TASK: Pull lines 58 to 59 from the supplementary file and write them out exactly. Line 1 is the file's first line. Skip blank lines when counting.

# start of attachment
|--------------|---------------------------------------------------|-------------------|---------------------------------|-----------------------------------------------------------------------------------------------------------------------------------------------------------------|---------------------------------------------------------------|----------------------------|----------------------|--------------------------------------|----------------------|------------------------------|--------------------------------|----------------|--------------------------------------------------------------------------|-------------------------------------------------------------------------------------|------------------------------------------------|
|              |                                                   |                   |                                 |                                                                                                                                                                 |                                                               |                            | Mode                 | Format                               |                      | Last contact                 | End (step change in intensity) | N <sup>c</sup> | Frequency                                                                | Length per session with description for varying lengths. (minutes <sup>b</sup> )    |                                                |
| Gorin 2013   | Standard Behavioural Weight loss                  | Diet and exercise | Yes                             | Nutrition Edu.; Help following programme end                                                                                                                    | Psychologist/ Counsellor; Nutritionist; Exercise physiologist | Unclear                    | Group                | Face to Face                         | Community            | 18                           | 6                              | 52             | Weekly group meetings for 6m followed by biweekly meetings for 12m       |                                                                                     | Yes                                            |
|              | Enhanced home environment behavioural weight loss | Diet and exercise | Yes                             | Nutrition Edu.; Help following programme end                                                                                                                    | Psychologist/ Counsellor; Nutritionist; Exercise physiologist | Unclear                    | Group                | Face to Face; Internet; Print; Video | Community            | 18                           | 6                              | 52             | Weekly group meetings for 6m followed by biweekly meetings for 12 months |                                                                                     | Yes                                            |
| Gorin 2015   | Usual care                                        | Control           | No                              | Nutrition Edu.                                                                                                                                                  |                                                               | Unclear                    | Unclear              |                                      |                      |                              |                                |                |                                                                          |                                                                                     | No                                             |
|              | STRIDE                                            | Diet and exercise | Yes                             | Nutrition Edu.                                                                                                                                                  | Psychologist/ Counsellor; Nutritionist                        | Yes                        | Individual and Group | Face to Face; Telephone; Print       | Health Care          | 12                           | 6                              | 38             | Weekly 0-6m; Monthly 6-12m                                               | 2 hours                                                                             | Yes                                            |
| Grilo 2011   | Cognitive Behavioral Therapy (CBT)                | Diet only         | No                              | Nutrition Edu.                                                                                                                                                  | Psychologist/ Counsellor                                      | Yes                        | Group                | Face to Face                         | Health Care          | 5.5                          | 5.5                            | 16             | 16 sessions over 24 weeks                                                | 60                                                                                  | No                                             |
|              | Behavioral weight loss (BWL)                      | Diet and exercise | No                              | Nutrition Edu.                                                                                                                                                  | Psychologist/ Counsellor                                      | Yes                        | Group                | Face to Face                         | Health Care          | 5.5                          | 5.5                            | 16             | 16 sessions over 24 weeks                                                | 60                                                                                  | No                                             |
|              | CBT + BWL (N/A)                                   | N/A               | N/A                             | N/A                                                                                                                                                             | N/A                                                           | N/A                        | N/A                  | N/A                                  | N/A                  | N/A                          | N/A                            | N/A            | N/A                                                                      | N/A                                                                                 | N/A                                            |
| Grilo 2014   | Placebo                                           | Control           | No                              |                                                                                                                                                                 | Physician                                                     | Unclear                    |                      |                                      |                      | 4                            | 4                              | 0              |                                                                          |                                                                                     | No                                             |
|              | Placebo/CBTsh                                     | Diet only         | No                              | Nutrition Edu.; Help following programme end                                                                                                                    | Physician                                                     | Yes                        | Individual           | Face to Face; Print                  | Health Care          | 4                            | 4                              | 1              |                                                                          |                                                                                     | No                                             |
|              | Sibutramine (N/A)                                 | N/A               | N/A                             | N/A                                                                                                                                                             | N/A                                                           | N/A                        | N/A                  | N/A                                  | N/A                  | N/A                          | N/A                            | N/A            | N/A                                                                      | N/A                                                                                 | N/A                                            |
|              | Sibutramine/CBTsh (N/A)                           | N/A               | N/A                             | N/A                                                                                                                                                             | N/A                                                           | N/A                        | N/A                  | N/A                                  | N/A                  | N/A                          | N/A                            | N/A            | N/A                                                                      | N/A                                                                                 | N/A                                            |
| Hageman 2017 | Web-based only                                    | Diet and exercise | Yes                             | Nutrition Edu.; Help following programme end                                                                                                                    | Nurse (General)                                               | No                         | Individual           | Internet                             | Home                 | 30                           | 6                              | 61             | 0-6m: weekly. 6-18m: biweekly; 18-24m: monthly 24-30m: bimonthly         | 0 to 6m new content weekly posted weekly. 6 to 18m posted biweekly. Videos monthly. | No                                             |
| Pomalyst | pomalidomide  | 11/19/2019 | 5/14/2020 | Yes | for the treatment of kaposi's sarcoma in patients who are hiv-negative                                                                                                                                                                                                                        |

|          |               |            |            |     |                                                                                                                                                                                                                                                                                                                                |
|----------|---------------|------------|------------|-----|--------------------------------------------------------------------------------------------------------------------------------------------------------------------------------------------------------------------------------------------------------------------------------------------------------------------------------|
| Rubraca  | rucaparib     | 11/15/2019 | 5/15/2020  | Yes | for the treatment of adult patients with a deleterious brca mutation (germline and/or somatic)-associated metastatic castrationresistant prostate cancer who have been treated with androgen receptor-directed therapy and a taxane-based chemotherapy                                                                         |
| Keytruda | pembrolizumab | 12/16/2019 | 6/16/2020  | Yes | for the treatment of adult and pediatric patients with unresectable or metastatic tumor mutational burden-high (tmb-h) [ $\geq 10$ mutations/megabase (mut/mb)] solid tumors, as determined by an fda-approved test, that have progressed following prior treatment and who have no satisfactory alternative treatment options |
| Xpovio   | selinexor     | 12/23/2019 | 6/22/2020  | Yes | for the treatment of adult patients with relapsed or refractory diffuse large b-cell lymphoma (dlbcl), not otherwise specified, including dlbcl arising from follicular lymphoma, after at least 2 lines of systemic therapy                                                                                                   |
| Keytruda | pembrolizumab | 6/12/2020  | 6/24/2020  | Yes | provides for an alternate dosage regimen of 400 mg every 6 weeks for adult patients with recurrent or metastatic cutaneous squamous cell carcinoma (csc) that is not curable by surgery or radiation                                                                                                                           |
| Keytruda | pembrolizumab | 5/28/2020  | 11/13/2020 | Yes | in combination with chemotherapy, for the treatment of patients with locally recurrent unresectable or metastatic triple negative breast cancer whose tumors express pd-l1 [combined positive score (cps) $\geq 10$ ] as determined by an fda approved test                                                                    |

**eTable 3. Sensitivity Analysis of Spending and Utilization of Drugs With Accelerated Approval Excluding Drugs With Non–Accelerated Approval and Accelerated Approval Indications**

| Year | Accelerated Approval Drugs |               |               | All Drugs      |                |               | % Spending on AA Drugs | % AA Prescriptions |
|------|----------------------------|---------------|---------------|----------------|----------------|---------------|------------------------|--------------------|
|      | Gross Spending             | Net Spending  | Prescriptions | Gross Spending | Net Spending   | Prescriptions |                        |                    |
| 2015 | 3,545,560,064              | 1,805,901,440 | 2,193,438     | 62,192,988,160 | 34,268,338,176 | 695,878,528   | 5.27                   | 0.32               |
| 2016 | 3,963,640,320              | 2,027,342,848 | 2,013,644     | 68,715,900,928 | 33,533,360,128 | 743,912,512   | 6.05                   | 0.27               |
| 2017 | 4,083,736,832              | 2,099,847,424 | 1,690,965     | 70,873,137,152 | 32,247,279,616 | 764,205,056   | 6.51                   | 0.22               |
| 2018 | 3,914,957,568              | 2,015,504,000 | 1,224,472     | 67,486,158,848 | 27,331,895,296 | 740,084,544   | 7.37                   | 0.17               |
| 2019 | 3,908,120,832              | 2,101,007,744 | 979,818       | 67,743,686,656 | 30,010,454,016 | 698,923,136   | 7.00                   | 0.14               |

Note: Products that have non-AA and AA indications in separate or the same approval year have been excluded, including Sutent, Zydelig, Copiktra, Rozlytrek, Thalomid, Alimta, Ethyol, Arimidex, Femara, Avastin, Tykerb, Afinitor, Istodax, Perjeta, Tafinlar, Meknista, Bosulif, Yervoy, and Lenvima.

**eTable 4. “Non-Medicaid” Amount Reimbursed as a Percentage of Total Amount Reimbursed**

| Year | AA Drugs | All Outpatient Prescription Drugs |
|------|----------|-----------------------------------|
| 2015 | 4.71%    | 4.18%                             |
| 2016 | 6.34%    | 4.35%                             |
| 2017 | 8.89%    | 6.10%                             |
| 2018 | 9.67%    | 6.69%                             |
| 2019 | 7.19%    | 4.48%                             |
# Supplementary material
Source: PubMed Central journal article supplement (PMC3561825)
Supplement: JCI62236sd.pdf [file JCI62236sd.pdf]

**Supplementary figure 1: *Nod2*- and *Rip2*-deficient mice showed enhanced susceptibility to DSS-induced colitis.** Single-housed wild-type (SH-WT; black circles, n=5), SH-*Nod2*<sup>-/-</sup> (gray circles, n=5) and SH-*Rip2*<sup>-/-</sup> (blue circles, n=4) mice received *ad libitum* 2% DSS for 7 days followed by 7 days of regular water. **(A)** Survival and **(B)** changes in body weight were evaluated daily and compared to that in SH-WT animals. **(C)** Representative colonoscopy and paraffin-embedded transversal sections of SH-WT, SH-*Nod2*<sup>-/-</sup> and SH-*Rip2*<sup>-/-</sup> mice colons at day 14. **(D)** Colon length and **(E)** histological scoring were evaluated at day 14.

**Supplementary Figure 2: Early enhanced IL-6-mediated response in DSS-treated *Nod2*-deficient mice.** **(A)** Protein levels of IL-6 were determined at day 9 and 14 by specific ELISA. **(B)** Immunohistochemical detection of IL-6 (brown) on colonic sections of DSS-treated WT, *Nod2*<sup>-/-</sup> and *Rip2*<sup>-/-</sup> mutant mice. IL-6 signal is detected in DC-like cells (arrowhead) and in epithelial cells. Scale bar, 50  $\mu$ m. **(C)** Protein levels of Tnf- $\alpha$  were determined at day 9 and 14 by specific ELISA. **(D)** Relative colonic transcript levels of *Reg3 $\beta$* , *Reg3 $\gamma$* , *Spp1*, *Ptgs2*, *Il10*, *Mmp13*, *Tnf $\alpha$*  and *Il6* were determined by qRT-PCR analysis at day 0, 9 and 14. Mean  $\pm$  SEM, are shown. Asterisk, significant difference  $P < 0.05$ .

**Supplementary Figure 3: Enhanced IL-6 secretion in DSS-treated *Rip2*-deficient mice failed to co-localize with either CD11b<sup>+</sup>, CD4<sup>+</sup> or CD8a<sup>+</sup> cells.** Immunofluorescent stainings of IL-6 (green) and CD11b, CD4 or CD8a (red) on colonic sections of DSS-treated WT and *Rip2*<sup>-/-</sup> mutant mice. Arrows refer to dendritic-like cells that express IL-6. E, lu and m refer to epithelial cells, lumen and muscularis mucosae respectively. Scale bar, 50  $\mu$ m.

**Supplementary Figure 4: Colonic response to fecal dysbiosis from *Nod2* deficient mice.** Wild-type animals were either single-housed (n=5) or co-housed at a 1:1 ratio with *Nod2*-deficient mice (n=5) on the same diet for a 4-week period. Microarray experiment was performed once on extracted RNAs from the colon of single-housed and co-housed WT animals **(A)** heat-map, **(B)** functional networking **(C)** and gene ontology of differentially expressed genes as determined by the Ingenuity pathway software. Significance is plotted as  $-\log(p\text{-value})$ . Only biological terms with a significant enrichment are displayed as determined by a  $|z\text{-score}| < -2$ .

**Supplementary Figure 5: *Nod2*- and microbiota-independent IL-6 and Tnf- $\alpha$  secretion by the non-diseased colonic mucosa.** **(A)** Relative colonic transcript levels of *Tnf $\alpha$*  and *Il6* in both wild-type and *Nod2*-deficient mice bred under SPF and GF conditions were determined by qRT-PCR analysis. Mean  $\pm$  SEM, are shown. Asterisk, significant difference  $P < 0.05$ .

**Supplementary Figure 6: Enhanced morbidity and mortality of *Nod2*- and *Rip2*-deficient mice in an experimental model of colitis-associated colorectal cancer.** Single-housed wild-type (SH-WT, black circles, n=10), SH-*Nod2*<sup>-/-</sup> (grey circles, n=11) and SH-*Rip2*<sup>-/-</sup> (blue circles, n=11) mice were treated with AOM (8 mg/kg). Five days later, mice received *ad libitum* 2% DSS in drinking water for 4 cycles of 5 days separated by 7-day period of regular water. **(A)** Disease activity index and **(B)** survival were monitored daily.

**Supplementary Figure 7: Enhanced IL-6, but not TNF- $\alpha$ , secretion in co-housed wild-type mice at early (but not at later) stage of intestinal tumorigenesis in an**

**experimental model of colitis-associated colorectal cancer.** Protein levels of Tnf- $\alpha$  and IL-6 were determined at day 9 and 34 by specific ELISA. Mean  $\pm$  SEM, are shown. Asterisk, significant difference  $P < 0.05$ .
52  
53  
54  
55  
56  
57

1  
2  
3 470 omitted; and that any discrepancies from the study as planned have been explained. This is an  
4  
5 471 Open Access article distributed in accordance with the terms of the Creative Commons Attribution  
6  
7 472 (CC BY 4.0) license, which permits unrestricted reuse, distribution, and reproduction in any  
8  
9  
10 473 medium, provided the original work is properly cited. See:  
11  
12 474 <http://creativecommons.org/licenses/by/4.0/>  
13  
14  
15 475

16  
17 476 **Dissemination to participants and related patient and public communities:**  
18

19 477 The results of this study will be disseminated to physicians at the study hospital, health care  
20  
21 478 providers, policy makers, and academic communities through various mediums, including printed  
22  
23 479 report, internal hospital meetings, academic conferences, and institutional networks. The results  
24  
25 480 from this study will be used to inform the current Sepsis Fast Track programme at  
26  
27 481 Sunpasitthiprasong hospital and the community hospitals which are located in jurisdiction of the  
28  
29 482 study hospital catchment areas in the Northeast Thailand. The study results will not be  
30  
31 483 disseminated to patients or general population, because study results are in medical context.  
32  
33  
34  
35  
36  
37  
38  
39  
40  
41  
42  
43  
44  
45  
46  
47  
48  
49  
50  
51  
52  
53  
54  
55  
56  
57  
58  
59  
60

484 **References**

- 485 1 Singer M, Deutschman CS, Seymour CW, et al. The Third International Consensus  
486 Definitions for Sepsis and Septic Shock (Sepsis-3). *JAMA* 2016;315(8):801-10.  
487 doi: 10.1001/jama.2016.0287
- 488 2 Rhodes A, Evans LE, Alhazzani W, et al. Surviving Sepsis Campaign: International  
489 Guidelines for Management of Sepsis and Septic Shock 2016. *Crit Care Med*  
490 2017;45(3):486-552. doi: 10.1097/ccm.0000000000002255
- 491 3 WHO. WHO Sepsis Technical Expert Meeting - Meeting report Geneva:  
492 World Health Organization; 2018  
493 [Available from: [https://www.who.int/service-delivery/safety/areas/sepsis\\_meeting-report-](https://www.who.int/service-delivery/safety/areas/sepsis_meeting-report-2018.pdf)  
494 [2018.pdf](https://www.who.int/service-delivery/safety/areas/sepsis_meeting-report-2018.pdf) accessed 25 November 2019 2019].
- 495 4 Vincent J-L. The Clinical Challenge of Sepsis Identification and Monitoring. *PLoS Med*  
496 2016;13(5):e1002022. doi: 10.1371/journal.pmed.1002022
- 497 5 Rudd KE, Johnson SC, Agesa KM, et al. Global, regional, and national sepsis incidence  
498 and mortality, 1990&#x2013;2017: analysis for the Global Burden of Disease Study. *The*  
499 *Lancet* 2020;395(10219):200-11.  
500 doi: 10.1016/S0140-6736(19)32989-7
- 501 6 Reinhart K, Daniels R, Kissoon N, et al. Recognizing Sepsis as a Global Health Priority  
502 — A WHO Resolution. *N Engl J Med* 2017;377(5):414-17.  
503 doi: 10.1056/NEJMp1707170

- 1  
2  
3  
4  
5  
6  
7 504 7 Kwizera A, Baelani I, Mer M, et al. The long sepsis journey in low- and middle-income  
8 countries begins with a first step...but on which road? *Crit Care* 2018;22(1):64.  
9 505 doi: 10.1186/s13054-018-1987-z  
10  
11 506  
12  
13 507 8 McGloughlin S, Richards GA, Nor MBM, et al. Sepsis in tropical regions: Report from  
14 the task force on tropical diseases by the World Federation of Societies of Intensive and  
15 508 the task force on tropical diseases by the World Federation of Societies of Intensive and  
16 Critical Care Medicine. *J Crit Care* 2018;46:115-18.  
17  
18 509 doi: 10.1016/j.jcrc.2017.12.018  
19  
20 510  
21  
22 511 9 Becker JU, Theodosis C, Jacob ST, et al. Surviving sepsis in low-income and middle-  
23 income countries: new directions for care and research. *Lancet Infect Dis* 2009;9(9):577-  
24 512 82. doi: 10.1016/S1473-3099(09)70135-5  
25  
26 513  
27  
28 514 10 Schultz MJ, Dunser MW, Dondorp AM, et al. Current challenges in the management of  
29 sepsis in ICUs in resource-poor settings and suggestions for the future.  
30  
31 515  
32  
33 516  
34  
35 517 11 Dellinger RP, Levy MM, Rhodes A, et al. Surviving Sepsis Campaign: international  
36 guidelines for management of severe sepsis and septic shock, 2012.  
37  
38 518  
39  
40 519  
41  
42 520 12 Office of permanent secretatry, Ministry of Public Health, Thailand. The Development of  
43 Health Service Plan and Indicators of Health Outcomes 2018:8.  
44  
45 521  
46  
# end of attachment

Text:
1  
2  